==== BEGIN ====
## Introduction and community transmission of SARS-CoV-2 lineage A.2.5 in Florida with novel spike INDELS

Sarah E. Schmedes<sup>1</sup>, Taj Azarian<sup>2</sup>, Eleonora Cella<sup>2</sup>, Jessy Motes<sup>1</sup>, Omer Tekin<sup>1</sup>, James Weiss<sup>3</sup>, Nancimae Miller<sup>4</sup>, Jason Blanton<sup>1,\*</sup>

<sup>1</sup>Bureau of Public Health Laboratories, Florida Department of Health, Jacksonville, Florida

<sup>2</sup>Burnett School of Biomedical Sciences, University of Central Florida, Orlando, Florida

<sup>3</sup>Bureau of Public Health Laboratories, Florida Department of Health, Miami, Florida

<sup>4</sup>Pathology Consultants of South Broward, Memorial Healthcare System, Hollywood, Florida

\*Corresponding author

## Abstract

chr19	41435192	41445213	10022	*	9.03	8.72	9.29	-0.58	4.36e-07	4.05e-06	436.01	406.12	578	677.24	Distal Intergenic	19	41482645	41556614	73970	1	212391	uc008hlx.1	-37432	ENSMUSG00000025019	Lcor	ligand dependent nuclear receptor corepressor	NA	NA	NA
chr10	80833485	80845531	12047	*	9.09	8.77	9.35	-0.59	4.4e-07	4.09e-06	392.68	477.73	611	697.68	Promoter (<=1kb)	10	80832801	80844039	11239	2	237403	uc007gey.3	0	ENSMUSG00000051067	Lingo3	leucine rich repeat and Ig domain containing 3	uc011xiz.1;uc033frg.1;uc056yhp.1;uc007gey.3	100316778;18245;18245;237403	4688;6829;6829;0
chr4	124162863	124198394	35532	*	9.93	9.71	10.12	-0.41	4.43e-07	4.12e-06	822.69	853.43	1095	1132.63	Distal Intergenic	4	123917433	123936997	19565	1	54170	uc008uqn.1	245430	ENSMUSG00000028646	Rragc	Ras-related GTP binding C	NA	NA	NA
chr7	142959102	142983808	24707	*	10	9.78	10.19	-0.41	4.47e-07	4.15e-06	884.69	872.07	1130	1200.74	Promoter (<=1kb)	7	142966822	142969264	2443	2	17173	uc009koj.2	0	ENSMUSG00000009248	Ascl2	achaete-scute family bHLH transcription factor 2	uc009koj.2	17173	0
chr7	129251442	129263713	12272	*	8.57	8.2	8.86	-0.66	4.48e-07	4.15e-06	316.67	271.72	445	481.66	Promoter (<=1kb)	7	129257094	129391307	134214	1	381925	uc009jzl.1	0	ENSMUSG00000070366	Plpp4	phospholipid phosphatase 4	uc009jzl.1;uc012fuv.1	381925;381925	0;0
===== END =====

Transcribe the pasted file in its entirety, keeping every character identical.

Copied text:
## Introduction and community transmission of SARS-CoV-2 lineage A.2.5 in Florida with novel spike INDELS

Sarah E. Schmedes<sup>1</sup>, Taj Azarian<sup>2</sup>, Eleonora Cella<sup>2</sup>, Jessy Motes<sup>1</sup>, Omer Tekin<sup>1</sup>, James Weiss<sup>3</sup>, Nancimae Miller<sup>4</sup>, Jason Blanton<sup>1,\*</sup>

<sup>1</sup>Bureau of Public Health Laboratories, Florida Department of Health, Jacksonville, Florida

<sup>2</sup>Burnett School of Biomedical Sciences, University of Central Florida, Orlando, Florida

<sup>3</sup>Bureau of Public Health Laboratories, Florida Department of Health, Miami, Florida

<sup>4</sup>Pathology Consultants of South Broward, Memorial Healthcare System, Hollywood, Florida

\*Corresponding author

## Abstract

chr19	41435192	41445213	10022	*	9.03	8.72	9.29	-0.58	4.36e-07	4.05e-06	436.01	406.12	578	677.24	Distal Intergenic	19	41482645	41556614	73970	1	212391	uc008hlx.1	-37432	ENSMUSG00000025019	Lcor	ligand dependent nuclear receptor corepressor	NA	NA	NA
chr10	80833485	80845531	12047	*	9.09	8.77	9.35	-0.59	4.4e-07	4.09e-06	392.68	477.73	611	697.68	Promoter (<=1kb)	10	80832801	80844039	11239	2	237403	uc007gey.3	0	ENSMUSG00000051067	Lingo3	leucine rich repeat and Ig domain containing 3	uc011xiz.1;uc033frg.1;uc056yhp.1;uc007gey.3	100316778;18245;18245;237403	4688;6829;6829;0
chr4	124162863	124198394	35532	*	9.93	9.71	10.12	-0.41	4.43e-07	4.12e-06	822.69	853.43	1095	1132.63	Distal Intergenic	4	123917433	123936997	19565	1	54170	uc008uqn.1	245430	ENSMUSG00000028646	Rragc	Ras-related GTP binding C	NA	NA	NA
chr7	142959102	142983808	24707	*	10	9.78	10.19	-0.41	4.47e-07	4.15e-06	884.69	872.07	1130	1200.74	Promoter (<=1kb)	7	142966822	142969264	2443	2	17173	uc009koj.2	0	ENSMUSG00000009248	Ascl2	achaete-scute family bHLH transcription factor 2	uc009koj.2	17173	0
chr7	129251442	129263713	12272	*	8.57	8.2	8.86	-0.66	4.48e-07	4.15e-06	316.67	271.72	445	481.66	Promoter (<=1kb)	7	129257094	129391307	134214	1	381925	uc009jzl.1	0	ENSMUSG00000070366	Plpp4	phospholipid phosphatase 4	uc009jzl.1;uc012fuv.1	381925;381925	0;0